# A Practical Guide to Algorithms with JavaScript Introducing Practical Guide to Algorithms

Transcript from the "Introducing Practical Guide to Algorithms" Lesson

[00:00:00]

>> Bianca Gandolfo: My name is Bianca. What should you know about me? I'm a JavaScript developer. I work as a consultant, so I go into most of the enterprise companies and help them with their JavaScript. They also work on open source. Part of our company, we have an open source framework called KJS.

[00:00:16] So I do work on that as well. Today, we're going to talk about algorithms. Like Mark said, this is part of a four class series on data structures and algorithms. So this is the sort of foundational knowledge and as we move along the series we're going to build on these topics.

[00:00:40] So we're gonna talk about the algorithms, only today, no data structures today, aside from maybe an object or an array. And then next time, we're gonna go over some common interview data structures and algorithms. And then we're gonna apply this stuff, so this would be a pre-req to the following course.

[00:00:57] And we'll apply these algorithms to some common data structures, to some common interview questions and then the next part. Part three and four is all trees and graph theory. So as web developers, that's so, so important. So we're just two days doing all of that. Traversing, sorting, balancing, all of that.

[00:01:18] So that's sort of the higher level progression of this course. So,

>> Bianca Gandolfo: Today is algorithms. So, what is an algorithm? Why should you care? So algorithm is just the steps that you take to solve a problem. Why should you care? You're an engineer. It's your job to solve problems.

[00:01:38] When we learn about algorithms, we're learning different techniques to solve problems in a certain way, we're identifying patterns. And we're applying algorithms to those patterns, to get a result, to improve the speed of our programs.

>> Bianca Gandolfo: Okay.

>> Bianca Gandolfo: So what are we gonna cover today? We're gonna cover a lot.

[00:02:06] So we're going to discuss really informally how to generally estimate an algorithm. We're not gonna go into mathematical proofs or anything like that. But we're going to talk about little things that you can spot to start to reason about the time complexity of an algorithm. Then we're gonna talk about a couple techniques for optimization, which are fun.

[00:02:28] We're gonna get really comfortable with recursion. How are people feeling about recursion, right now? Feeling good? Okay, cool. Well, you're gonna be like man, I think most of this course is like recursive algorithms. And going through recursion in a bunch of different ways. So if you're feeling like this, you'll probably be like this at the end.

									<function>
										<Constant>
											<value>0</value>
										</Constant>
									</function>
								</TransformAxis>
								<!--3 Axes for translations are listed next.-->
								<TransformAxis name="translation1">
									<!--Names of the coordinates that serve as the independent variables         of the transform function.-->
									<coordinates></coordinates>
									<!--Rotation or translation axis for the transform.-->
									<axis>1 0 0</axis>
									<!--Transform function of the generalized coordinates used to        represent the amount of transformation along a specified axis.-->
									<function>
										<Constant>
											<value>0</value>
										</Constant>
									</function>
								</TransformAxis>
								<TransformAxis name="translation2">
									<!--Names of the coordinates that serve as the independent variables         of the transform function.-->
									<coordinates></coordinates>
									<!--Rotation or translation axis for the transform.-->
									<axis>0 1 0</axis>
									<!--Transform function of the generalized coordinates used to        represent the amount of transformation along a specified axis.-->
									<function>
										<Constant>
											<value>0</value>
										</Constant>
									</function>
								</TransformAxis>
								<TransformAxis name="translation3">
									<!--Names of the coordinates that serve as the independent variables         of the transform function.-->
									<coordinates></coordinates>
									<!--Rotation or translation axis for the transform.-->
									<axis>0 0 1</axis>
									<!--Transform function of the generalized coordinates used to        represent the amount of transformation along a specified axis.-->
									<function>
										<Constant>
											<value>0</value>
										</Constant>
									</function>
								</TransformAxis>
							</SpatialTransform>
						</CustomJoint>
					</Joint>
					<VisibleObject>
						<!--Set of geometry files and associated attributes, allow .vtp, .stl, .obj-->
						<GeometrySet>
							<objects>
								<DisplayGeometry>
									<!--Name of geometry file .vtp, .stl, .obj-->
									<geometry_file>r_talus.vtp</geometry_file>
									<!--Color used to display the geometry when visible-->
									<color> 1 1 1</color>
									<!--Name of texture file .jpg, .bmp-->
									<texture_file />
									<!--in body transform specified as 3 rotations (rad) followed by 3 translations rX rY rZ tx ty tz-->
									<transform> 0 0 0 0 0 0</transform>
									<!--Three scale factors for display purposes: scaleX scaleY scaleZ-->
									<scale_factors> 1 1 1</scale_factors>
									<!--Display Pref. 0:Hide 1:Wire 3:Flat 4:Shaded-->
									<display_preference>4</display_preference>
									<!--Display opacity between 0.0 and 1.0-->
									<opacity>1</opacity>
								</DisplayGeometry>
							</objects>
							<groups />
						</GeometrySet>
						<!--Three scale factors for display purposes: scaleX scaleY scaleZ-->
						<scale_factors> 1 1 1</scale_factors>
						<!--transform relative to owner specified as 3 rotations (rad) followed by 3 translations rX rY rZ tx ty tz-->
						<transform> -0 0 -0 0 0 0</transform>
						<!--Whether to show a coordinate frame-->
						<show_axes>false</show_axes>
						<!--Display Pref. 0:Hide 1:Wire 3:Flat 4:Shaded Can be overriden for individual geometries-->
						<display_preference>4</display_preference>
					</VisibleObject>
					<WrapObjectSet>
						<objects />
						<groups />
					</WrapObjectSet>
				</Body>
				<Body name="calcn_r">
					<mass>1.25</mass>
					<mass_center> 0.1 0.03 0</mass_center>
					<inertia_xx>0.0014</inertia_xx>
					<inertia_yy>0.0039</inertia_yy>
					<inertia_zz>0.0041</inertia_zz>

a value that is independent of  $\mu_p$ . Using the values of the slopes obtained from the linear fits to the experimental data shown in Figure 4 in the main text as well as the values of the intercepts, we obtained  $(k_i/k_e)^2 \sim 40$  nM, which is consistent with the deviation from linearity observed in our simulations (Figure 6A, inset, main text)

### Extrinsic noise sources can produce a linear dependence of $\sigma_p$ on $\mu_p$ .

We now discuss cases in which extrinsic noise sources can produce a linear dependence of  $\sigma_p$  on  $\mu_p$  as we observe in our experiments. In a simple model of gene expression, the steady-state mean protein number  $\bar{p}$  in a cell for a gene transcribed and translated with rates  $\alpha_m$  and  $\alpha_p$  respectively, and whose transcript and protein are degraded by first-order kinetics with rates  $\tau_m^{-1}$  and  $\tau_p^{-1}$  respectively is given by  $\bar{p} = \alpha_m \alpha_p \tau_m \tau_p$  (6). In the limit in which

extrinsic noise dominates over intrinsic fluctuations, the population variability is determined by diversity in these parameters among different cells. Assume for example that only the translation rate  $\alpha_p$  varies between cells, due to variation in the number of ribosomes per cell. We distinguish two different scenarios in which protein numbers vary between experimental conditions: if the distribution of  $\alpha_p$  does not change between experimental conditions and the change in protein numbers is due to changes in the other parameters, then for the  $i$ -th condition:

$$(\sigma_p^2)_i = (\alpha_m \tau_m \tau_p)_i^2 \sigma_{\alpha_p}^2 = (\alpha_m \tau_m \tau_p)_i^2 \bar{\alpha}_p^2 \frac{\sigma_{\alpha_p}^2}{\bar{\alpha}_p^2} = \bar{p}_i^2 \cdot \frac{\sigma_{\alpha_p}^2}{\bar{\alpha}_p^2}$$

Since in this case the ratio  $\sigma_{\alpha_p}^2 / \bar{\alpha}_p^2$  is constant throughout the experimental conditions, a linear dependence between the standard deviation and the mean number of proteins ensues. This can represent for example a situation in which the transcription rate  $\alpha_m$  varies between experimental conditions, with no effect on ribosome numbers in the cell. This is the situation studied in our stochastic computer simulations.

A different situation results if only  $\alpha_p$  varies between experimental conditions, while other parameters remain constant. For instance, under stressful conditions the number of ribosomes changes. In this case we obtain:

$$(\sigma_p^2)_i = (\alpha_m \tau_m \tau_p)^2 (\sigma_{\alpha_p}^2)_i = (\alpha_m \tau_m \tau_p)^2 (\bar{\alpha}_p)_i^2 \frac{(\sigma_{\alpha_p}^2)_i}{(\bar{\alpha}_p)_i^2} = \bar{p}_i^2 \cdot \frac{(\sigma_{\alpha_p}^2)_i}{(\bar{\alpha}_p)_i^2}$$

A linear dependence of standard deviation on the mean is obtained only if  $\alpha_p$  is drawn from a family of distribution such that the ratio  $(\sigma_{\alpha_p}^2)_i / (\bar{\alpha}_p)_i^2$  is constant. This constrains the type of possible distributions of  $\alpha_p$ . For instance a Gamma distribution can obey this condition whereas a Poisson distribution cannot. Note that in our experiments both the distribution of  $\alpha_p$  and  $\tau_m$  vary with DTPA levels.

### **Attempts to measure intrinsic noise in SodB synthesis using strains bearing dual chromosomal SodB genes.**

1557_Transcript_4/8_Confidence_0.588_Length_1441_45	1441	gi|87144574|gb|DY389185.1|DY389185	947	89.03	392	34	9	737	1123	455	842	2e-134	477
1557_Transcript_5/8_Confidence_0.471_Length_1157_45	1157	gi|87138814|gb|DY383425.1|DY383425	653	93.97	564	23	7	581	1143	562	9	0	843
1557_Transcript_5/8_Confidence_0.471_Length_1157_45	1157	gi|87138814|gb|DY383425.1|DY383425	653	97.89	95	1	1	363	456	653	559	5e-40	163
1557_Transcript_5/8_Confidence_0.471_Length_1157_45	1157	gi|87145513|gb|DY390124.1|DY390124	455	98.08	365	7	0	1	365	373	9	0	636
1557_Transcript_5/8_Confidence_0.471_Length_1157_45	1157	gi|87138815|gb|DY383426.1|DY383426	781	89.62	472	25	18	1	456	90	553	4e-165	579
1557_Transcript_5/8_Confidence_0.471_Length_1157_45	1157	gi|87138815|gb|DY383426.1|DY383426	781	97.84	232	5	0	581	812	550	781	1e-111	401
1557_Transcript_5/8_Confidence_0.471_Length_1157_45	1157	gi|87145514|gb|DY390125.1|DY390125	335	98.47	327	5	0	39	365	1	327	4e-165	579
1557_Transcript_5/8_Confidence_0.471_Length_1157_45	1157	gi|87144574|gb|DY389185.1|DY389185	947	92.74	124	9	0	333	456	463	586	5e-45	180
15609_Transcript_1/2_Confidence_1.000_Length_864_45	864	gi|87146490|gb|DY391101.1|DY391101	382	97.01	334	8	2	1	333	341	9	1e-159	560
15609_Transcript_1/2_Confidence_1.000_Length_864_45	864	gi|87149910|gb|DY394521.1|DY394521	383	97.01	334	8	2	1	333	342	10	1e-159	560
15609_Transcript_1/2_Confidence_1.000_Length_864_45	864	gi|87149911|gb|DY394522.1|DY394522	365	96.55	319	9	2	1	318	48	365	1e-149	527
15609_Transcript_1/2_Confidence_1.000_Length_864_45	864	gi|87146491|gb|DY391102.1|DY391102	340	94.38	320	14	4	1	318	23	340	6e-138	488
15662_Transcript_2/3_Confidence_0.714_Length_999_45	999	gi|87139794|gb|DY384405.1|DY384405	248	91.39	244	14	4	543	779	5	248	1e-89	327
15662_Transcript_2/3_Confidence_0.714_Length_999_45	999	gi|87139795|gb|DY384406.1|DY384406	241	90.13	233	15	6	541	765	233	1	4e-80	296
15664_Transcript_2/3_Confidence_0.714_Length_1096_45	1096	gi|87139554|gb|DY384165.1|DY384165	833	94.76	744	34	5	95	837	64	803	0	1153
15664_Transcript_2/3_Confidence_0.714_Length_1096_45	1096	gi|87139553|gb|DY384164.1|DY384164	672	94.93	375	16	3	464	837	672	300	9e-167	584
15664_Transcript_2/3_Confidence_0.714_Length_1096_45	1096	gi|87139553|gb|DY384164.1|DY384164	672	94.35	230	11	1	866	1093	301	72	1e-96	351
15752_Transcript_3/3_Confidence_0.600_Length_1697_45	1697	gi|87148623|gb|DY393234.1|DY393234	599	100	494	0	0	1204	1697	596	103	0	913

[00:02:50] If you're feeling like this, you'll probably be here. So that's fun and something, you know, it's like such an abstract thing, it's hard for a lot of people. So I like to focus on that. Cuz that's the foundation of a lot of algorithms, and then we have, of course, the data structures as well.

[00:03:08] So we're gonna do a couple sorting, a couple searching, I'm not gonna go through the exhaustive list of every sorting and searching algorithm, because, you know. Snooze, but we'll go through a couple and focus on the implementation of them rather than the theoretical aspects of sorting and searching.

[00:03:27] If I have time in a future course, I might go into that, but we'll see. I don't think it's the most important thing to understand like what are the trade-offs between bubble sort and insertion sort because at the end of the day, when you get into your interview, you seem to know one.

[00:03:43] You know what I mean so, sure. We're gonna talk about also the Divide and Conquer technique and Dynamic Programming. You might see these and think okay, recursion. You're right, recursion, more recursion. Same with sorting and searching, recursion. And then we're gonna talk about the Greedy technique and my opinions about the Greedy technique, and how you should apply the Greedy technique to interviews.

[00:04:13] And then we'll also talk about brute force as well. Recursive brute force. Any questions about all of this? Cool, so it is a lot. There are corresponding exercises for each of these topics. Probably not gonna be able to finish them in class today just because I wanna get through a lot.

[00:04:33] But you should have a solid attempt for most of them. And then we can be in touch after class if you need help with anything, and online folks, too. You can always tweet at me or email me.

>> Bianca Gandolfo: Your exercise solutions, if you want feedback or you're stuck or whatever, happy to do that.